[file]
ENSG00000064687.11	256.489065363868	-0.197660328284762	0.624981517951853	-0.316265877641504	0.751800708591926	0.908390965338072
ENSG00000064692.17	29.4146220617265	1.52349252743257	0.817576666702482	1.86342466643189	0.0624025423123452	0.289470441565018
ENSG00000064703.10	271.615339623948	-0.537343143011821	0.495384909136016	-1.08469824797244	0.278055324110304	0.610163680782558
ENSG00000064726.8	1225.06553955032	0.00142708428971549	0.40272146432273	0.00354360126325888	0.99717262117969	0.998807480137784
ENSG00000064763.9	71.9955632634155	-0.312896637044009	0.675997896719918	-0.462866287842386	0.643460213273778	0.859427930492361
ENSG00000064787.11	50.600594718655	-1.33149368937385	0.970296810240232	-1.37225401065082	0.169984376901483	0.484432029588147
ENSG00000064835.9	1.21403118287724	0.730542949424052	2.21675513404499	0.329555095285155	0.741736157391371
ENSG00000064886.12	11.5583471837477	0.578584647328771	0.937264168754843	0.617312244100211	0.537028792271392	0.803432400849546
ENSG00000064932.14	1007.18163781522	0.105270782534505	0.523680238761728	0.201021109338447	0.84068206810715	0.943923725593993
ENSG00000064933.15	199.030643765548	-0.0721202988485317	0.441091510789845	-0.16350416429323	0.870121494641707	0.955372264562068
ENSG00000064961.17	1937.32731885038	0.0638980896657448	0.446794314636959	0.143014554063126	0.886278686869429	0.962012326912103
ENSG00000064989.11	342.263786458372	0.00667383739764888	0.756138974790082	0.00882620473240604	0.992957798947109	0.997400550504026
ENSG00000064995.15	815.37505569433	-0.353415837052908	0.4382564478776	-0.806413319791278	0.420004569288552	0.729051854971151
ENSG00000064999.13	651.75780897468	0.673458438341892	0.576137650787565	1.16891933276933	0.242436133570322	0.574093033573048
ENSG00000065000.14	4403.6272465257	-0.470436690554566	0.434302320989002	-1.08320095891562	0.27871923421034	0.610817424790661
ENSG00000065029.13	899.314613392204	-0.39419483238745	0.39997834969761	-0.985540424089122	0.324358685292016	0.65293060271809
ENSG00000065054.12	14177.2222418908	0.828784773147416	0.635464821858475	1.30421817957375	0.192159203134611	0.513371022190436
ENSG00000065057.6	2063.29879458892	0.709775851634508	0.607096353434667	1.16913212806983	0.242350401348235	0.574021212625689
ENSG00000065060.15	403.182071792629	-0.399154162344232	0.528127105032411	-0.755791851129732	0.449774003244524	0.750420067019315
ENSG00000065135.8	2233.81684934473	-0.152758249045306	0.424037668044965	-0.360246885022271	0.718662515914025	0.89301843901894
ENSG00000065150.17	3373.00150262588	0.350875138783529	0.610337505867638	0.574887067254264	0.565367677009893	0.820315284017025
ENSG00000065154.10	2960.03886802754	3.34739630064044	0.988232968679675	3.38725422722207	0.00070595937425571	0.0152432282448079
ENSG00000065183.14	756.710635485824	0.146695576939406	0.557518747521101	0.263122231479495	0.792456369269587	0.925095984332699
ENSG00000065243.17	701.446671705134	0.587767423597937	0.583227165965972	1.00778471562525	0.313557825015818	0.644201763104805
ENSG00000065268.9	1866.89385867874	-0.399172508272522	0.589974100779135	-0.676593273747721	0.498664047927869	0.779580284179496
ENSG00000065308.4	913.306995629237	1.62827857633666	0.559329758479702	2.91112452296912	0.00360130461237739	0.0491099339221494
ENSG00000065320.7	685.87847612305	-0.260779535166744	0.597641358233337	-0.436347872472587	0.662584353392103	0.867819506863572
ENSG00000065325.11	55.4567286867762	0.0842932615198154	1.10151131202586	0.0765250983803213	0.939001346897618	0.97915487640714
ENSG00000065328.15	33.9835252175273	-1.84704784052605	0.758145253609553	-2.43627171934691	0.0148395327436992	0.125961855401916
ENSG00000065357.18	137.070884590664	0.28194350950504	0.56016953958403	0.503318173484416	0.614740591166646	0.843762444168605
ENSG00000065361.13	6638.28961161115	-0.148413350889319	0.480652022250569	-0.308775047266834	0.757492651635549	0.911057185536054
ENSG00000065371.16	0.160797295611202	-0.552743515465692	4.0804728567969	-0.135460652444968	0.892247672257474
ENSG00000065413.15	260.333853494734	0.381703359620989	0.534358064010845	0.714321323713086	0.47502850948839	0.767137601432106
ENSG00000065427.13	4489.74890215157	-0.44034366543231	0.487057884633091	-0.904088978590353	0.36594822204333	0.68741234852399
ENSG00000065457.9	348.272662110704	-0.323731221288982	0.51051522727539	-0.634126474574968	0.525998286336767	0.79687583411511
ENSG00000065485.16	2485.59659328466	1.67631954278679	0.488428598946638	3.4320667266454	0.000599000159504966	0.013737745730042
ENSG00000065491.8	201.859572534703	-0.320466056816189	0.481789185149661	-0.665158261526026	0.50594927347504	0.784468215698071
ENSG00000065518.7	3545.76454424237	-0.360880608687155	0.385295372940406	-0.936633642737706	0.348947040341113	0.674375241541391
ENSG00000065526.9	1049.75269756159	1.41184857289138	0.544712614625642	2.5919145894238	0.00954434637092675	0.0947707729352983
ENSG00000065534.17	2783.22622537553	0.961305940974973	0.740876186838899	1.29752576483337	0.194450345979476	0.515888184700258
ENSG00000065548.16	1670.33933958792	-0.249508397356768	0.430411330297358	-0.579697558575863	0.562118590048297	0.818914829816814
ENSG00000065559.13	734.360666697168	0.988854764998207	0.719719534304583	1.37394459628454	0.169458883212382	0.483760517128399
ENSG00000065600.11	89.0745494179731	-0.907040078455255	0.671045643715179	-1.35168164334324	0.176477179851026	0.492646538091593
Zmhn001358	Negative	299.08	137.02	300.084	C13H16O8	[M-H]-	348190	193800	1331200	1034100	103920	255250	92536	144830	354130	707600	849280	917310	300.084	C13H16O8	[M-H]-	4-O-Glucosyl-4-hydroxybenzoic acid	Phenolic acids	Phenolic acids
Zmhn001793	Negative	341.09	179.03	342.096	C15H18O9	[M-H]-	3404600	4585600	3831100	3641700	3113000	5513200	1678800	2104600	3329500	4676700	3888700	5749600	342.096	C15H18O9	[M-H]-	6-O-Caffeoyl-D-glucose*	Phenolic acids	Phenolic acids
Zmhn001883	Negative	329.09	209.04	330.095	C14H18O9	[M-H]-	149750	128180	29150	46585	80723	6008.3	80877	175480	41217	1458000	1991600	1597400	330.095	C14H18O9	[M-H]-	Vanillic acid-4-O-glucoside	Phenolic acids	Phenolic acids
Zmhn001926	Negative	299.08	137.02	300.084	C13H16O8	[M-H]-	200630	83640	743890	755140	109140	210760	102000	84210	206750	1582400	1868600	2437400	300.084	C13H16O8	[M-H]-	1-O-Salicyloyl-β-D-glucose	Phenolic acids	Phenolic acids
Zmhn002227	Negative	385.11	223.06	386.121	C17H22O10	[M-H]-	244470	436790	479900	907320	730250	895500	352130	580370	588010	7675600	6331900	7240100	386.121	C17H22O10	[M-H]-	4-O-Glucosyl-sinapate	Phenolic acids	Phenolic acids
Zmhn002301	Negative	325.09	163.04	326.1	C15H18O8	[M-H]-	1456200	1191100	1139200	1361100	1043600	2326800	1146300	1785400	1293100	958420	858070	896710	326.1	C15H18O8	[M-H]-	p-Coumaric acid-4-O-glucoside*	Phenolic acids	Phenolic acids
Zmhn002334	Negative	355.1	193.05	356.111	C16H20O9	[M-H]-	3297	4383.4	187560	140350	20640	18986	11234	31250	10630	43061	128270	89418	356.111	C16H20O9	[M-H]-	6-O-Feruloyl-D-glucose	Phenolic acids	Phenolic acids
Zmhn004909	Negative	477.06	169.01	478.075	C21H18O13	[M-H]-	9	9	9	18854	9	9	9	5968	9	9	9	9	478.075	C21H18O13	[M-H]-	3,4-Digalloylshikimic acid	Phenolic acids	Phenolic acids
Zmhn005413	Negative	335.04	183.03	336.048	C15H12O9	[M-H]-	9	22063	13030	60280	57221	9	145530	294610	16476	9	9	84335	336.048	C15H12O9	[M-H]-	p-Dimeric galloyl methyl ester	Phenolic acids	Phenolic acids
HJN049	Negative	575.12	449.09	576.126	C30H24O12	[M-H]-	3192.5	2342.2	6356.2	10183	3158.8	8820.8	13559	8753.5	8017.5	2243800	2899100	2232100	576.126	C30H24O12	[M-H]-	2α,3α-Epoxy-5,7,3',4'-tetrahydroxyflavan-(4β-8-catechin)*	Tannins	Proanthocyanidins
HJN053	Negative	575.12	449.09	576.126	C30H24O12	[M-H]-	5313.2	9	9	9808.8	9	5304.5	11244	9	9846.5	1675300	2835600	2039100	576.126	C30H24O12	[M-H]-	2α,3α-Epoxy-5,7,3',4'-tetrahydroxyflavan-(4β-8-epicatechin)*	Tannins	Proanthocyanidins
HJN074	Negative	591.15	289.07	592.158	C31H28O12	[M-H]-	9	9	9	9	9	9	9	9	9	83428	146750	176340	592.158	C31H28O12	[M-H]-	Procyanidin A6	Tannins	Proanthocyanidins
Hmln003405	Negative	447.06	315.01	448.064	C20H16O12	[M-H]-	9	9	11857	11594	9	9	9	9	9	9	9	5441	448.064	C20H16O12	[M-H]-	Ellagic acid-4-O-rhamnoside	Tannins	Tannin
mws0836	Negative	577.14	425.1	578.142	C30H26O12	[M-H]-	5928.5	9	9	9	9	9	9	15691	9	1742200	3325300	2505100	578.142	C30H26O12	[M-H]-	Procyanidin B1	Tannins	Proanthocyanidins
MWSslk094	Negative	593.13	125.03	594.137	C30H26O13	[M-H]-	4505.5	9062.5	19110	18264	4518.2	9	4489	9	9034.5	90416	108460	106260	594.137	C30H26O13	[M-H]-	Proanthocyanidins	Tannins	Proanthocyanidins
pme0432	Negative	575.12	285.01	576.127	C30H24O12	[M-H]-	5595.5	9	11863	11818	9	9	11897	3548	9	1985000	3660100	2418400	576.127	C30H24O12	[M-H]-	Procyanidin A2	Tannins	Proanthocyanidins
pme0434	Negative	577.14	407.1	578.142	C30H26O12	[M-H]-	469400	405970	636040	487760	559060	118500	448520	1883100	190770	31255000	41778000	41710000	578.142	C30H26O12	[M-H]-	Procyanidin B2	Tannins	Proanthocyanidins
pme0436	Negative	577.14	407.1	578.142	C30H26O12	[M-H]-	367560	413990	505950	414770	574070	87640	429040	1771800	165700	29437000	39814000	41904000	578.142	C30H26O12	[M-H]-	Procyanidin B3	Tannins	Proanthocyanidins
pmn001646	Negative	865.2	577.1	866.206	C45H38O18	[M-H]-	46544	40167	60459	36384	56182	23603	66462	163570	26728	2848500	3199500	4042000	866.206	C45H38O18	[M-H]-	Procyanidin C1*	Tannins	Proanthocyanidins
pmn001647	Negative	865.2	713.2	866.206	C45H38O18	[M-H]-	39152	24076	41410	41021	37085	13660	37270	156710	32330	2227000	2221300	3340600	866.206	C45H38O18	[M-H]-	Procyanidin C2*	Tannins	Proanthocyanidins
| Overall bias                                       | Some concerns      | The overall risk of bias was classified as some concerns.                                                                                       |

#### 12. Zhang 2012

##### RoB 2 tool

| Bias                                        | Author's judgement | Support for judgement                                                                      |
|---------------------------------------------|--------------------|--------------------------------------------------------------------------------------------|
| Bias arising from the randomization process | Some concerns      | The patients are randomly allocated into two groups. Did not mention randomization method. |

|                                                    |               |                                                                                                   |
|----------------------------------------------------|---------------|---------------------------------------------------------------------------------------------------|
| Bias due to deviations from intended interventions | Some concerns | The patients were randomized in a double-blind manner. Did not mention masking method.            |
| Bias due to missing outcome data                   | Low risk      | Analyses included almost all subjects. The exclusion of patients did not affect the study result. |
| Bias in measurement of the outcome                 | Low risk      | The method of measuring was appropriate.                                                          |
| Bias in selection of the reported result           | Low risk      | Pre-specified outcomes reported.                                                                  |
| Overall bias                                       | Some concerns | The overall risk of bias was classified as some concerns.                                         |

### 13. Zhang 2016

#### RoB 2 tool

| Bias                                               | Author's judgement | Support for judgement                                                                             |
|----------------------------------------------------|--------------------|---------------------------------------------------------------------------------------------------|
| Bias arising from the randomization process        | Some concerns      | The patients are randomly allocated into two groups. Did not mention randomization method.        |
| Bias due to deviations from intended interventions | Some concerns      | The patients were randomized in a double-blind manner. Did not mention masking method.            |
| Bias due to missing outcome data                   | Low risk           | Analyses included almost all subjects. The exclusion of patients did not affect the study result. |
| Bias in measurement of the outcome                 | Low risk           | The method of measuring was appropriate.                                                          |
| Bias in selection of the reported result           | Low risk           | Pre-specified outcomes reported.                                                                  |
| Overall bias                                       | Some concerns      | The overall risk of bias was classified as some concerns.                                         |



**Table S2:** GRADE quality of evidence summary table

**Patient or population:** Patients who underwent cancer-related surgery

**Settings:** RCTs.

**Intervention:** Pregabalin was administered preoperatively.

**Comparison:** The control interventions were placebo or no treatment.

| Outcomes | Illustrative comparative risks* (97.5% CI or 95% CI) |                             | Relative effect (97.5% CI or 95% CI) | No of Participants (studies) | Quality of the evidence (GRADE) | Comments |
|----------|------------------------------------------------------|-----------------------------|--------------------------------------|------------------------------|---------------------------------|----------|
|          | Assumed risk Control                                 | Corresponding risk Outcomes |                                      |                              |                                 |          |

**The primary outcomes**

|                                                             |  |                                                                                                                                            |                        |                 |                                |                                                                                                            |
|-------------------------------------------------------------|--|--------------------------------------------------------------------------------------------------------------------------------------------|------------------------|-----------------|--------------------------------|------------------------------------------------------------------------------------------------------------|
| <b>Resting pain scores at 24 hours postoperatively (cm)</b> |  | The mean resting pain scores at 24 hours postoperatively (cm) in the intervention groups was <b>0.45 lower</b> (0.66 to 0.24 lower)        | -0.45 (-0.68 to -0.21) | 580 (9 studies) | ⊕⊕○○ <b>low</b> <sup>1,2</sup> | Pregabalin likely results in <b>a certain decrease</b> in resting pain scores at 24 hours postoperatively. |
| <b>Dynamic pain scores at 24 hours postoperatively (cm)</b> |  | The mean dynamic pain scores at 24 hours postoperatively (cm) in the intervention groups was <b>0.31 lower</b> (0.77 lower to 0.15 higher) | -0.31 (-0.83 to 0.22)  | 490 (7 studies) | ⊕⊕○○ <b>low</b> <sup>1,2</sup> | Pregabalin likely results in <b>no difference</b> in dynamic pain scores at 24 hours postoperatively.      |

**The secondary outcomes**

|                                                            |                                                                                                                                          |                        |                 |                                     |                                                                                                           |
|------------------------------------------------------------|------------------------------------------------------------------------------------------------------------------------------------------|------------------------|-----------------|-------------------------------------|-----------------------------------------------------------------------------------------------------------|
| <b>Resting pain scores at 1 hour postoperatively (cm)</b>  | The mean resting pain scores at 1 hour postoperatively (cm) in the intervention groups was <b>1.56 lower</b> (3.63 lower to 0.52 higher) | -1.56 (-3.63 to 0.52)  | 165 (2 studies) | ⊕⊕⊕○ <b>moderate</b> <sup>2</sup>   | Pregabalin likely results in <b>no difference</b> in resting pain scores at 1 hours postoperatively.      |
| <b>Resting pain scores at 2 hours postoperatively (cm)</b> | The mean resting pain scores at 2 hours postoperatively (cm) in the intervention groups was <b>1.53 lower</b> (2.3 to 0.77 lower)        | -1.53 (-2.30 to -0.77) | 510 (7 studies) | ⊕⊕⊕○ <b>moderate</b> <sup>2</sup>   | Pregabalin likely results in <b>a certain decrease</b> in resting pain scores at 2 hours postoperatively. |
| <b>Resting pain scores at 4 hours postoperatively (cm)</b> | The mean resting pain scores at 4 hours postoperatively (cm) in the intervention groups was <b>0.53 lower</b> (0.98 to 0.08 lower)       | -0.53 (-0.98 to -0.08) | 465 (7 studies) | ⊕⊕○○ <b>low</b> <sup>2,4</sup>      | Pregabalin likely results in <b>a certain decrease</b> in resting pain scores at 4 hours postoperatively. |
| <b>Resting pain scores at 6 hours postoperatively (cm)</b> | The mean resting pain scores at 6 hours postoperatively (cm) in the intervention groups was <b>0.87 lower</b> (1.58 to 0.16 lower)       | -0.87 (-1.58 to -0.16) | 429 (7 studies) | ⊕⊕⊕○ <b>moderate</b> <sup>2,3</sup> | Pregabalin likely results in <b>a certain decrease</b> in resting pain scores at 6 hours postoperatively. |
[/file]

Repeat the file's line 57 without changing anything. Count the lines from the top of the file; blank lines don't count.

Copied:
mws0836	Negative	577.14	425.1	578.142	C30H26O12	[M-H]-	5928.5	9	9	9	9	9	9	15691	9	1742200	3325300	2505100	578.142	C30H26O12	[M-H]-	Procyanidin B1	Tannins	Proanthocyanidins